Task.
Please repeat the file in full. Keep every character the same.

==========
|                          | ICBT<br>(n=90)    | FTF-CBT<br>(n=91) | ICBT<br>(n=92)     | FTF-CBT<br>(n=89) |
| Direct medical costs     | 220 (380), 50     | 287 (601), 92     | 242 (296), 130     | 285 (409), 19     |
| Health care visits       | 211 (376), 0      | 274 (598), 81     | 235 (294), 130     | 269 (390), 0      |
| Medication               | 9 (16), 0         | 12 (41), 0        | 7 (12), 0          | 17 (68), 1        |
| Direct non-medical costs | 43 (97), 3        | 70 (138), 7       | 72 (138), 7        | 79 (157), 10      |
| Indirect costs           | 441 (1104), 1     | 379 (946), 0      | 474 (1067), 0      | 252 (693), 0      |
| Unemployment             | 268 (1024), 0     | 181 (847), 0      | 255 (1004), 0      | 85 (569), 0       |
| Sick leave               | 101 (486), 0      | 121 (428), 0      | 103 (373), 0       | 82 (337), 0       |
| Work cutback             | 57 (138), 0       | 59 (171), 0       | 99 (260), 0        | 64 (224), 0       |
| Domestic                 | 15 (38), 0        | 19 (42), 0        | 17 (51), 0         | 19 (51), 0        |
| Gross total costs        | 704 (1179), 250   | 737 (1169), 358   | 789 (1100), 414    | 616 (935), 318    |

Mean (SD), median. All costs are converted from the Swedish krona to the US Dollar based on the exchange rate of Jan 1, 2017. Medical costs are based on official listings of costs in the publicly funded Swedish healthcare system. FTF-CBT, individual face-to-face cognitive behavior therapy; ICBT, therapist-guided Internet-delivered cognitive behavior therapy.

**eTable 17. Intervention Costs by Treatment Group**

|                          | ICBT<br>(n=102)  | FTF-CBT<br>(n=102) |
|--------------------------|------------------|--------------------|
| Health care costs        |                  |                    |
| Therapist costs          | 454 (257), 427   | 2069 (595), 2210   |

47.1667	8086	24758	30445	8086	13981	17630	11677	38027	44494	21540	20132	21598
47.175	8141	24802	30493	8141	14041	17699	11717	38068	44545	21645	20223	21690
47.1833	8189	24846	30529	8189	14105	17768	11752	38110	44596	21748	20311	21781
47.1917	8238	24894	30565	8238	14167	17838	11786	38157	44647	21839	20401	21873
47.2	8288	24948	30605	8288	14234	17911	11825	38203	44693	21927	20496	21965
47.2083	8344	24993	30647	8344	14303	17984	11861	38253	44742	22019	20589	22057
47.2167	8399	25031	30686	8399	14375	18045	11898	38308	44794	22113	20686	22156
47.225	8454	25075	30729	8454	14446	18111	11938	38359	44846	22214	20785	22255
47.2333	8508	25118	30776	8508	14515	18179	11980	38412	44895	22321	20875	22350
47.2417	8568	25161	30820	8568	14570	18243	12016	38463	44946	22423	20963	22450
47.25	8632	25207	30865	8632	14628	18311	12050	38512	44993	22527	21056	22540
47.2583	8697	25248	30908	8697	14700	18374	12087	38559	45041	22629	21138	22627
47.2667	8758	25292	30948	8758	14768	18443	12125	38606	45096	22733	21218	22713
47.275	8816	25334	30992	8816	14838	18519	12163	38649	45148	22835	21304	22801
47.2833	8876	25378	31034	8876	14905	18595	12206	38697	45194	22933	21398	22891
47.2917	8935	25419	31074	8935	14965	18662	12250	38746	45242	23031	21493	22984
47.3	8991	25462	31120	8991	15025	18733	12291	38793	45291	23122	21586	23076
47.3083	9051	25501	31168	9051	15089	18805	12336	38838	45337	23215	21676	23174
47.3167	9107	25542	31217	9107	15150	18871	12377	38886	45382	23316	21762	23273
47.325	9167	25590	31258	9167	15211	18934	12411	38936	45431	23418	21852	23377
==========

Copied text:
|                          | ICBT<br>(n=90)    | FTF-CBT<br>(n=91) | ICBT<br>(n=92)     | FTF-CBT<br>(n=89) |
| Direct medical costs     | 220 (380), 50     | 287 (601), 92     | 242 (296), 130     | 285 (409), 19     |
| Health care visits       | 211 (376), 0      | 274 (598), 81     | 235 (294), 130     | 269 (390), 0      |
| Medication               | 9 (16), 0         | 12 (41), 0        | 7 (12), 0          | 17 (68), 1        |
| Direct non-medical costs | 43 (97), 3        | 70 (138), 7       | 72 (138), 7        | 79 (157), 10      |
| Indirect costs           | 441 (1104), 1     | 379 (946), 0      | 474 (1067), 0      | 252 (693), 0      |
| Unemployment             | 268 (1024), 0     | 181 (847), 0      | 255 (1004), 0      | 85 (569), 0       |
| Sick leave               | 101 (486), 0      | 121 (428), 0      | 103 (373), 0       | 82 (337), 0       |
| Work cutback             | 57 (138), 0       | 59 (171), 0       | 99 (260), 0        | 64 (224), 0       |
| Domestic                 | 15 (38), 0        | 19 (42), 0        | 17 (51), 0         | 19 (51), 0        |
| Gross total costs        | 704 (1179), 250   | 737 (1169), 358   | 789 (1100), 414    | 616 (935), 318    |

Mean (SD), median. All costs are converted from the Swedish krona to the US Dollar based on the exchange rate of Jan 1, 2017. Medical costs are based on official listings of costs in the publicly funded Swedish healthcare system. FTF-CBT, individual face-to-face cognitive behavior therapy; ICBT, therapist-guided Internet-delivered cognitive behavior therapy.

**eTable 17. Intervention Costs by Treatment Group**

|                          | ICBT<br>(n=102)  | FTF-CBT<br>(n=102) |
|--------------------------|------------------|--------------------|
| Health care costs        |                  |                    |
| Therapist costs          | 454 (257), 427   | 2069 (595), 2210   |

47.1667	8086	24758	30445	8086	13981	17630	11677	38027	44494	21540	20132	21598
47.175	8141	24802	30493	8141	14041	17699	11717	38068	44545	21645	20223	21690
47.1833	8189	24846	30529	8189	14105	17768	11752	38110	44596	21748	20311	21781
47.1917	8238	24894	30565	8238	14167	17838	11786	38157	44647	21839	20401	21873
47.2	8288	24948	30605	8288	14234	17911	11825	38203	44693	21927	20496	21965
47.2083	8344	24993	30647	8344	14303	17984	11861	38253	44742	22019	20589	22057
47.2167	8399	25031	30686	8399	14375	18045	11898	38308	44794	22113	20686	22156
47.225	8454	25075	30729	8454	14446	18111	11938	38359	44846	22214	20785	22255
47.2333	8508	25118	30776	8508	14515	18179	11980	38412	44895	22321	20875	22350
47.2417	8568	25161	30820	8568	14570	18243	12016	38463	44946	22423	20963	22450
47.25	8632	25207	30865	8632	14628	18311	12050	38512	44993	22527	21056	22540
47.2583	8697	25248	30908	8697	14700	18374	12087	38559	45041	22629	21138	22627
47.2667	8758	25292	30948	8758	14768	18443	12125	38606	45096	22733	21218	22713
47.275	8816	25334	30992	8816	14838	18519	12163	38649	45148	22835	21304	22801
47.2833	8876	25378	31034	8876	14905	18595	12206	38697	45194	22933	21398	22891
47.2917	8935	25419	31074	8935	14965	18662	12250	38746	45242	23031	21493	22984
47.3	8991	25462	31120	8991	15025	18733	12291	38793	45291	23122	21586	23076
47.3083	9051	25501	31168	9051	15089	18805	12336	38838	45337	23215	21676	23174
47.3167	9107	25542	31217	9107	15150	18871	12377	38886	45382	23316	21762	23273
47.325	9167	25590	31258	9167	15211	18934	12411	38936	45431	23418	21852	23377